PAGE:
Thoősa would not give up. She was determined to rescue Hylas, at least, from the vortex of hate dragging everyone down to destruction. An hour later she was still urging, cajoling, nagging him to come away with her: now, while everyone thought the two of them were asleep; now, while Monstro was drinking itself blind; now, while it was still dark; now, while they still could. “You’re Typhon’s Luck: with you gone, Typhon might think twice. He might! Storm Olympus? It’s mad! It can’t be done. Not by a bunch of old giants and a few walking-wounded. What would Heracles say? What would your friend Heracles say if he knew you were part of a Titan coup? Against his own father? Let’s you and I go. We’ll go and find Hyperboria, yes? Or Heracles! I’ll help you find Heracles. He must really miss you….”
Hylas came at her straight from his bed, scrabbling, awkward, digging for purchase with the toes of his sandals. He flung himself on her as the Lamia had, pulling her hair and banging her head on the ground. His sharp knees knelt on her. His spit hit her in the face as he hissed, “Shut your mouth! Stop talking! Leave me be! Go and get yourself a story. Go on. Get out! But leave me be!”
Abaris, small but wiry strong, succeeded in pulling him aside. “Strike me, I beseech you, child! But do not strike your friend!” Hylas squirmed free of them. He sat panting on the ground, hands in his hair.
He told them how, aboard the ship, he had sent the Laelaps to fetch Heracles to rescue them. He had sent the dog-who-could-hunt-down-anything, so Laelaps must have found him. But instead of Heracles, the Laelaps had fetched back Typhon and an army of miscellaneous monsters. “He didn’t come, you see? I sent for him to come and help me, and he didn’t come. He didn’t care what kind of trouble I was in. He doesn’t want me back. Well to Hades with him. The ‘Great Slaughterer’. Kill monsters and chase women, that’s all he ever does. Who needs him? Who needs Heracles?”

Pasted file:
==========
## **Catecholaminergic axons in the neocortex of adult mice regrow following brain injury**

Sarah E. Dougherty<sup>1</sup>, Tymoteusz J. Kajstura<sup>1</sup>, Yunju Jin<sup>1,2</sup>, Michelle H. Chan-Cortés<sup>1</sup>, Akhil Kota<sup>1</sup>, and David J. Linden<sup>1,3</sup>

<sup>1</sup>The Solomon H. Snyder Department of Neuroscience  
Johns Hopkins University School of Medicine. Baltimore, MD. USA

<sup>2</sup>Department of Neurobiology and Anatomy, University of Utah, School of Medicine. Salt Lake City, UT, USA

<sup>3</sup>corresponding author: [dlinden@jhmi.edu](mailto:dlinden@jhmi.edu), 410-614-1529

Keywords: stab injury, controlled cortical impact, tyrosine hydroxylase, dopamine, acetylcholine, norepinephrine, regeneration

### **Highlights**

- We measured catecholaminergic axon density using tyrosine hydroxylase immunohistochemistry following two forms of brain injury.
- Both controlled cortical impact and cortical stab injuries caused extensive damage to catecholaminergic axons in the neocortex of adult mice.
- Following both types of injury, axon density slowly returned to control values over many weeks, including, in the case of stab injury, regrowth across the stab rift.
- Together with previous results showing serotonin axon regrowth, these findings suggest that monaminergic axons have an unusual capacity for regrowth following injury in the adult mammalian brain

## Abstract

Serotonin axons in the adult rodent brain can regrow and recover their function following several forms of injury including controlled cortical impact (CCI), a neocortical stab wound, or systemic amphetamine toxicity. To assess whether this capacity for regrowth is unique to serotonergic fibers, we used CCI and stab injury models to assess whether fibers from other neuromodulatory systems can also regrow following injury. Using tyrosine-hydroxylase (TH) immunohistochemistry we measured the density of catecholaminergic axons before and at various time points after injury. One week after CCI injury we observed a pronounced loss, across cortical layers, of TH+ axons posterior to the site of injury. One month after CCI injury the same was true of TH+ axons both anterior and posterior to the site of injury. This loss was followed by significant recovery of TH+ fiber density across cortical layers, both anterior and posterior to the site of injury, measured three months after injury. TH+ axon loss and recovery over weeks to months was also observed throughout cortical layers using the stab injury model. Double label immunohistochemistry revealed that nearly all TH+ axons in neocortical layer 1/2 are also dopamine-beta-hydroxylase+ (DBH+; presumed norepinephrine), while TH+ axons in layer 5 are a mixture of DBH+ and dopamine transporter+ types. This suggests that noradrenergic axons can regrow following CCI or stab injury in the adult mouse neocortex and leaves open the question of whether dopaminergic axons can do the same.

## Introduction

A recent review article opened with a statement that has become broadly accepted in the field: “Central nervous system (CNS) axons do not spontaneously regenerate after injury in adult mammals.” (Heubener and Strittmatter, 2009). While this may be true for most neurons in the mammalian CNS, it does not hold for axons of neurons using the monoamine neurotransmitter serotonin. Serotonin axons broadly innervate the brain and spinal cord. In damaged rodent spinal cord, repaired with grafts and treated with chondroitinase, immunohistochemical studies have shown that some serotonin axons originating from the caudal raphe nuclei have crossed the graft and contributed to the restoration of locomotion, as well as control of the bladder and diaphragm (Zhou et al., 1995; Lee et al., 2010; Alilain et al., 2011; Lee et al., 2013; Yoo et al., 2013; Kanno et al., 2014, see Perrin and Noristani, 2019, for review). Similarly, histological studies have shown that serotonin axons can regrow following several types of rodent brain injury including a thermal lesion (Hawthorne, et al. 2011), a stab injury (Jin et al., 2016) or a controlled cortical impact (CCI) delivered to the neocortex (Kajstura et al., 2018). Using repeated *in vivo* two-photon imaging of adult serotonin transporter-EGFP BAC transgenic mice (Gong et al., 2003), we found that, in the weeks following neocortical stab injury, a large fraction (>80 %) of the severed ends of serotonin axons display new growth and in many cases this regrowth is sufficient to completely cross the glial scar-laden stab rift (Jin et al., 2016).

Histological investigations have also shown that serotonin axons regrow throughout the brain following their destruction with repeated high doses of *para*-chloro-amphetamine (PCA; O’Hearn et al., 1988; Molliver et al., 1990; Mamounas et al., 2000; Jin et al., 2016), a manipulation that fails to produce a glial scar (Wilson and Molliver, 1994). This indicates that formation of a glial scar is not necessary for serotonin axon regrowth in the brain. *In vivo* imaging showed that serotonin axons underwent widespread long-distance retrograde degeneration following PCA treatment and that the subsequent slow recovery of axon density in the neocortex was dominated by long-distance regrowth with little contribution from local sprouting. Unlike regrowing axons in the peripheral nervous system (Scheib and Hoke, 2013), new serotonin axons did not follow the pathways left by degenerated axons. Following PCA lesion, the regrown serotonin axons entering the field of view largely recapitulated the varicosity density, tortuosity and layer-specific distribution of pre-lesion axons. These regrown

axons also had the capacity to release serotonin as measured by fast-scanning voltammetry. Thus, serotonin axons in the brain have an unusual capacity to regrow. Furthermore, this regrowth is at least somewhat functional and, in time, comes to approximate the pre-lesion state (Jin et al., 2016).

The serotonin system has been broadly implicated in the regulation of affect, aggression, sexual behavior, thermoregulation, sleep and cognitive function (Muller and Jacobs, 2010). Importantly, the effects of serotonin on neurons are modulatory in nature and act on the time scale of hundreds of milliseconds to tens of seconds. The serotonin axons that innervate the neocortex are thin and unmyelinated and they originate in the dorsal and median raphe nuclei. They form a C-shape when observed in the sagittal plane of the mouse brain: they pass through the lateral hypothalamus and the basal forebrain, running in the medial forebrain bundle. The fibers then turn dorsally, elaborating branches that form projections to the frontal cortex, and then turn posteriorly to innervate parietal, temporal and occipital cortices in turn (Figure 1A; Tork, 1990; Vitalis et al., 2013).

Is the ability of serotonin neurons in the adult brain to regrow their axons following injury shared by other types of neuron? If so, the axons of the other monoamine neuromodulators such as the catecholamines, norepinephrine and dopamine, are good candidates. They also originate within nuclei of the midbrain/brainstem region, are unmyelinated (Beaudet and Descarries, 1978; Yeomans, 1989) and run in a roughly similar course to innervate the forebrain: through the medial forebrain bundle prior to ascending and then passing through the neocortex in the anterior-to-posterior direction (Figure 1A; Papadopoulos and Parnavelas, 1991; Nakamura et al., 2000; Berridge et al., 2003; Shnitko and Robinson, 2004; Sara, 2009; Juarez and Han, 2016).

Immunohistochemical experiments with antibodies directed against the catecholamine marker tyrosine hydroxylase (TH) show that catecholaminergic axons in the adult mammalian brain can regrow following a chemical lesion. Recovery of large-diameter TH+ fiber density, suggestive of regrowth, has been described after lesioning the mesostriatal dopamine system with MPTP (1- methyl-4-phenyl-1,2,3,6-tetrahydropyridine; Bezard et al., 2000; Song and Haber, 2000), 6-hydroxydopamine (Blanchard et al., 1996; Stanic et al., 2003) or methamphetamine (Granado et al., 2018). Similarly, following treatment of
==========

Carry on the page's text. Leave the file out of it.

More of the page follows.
Thoősa held her breath. Abaris muttered a prayer in his obscure mother tongue.
Laelaps the Dog, being dumb, of course, could not tell thing the way there were. Hylas got to his feet and went to join the dancing.
The war-dance soon became a riotous and drunken orgy of stamping and yowling. The noise woke peasants in their huts, moles under the ground, birds in their roosts.
On Mount Olympus the nine gods and goddesses stirred in their sleep, woke and lay awake for a while, resolving to take a look when daylight came. Reaching indolent hands through their palace windows, they plucked tufts of cloud to stuff in their ears.
Queen Hera, finding the pillow beside hers empty, ground her teeth and passed an hour knotting triple strands of her hair into curses against her unfaithful husband.
Somewhere warmer, the lecherous Zeus scaled the wall of an African palace and, peering in at the windows, decided to fall in love again. Love affairs killed the boredom. A warm, sandy wind brought him the rumble of distant drums, but he put the rumbling down to indigestion.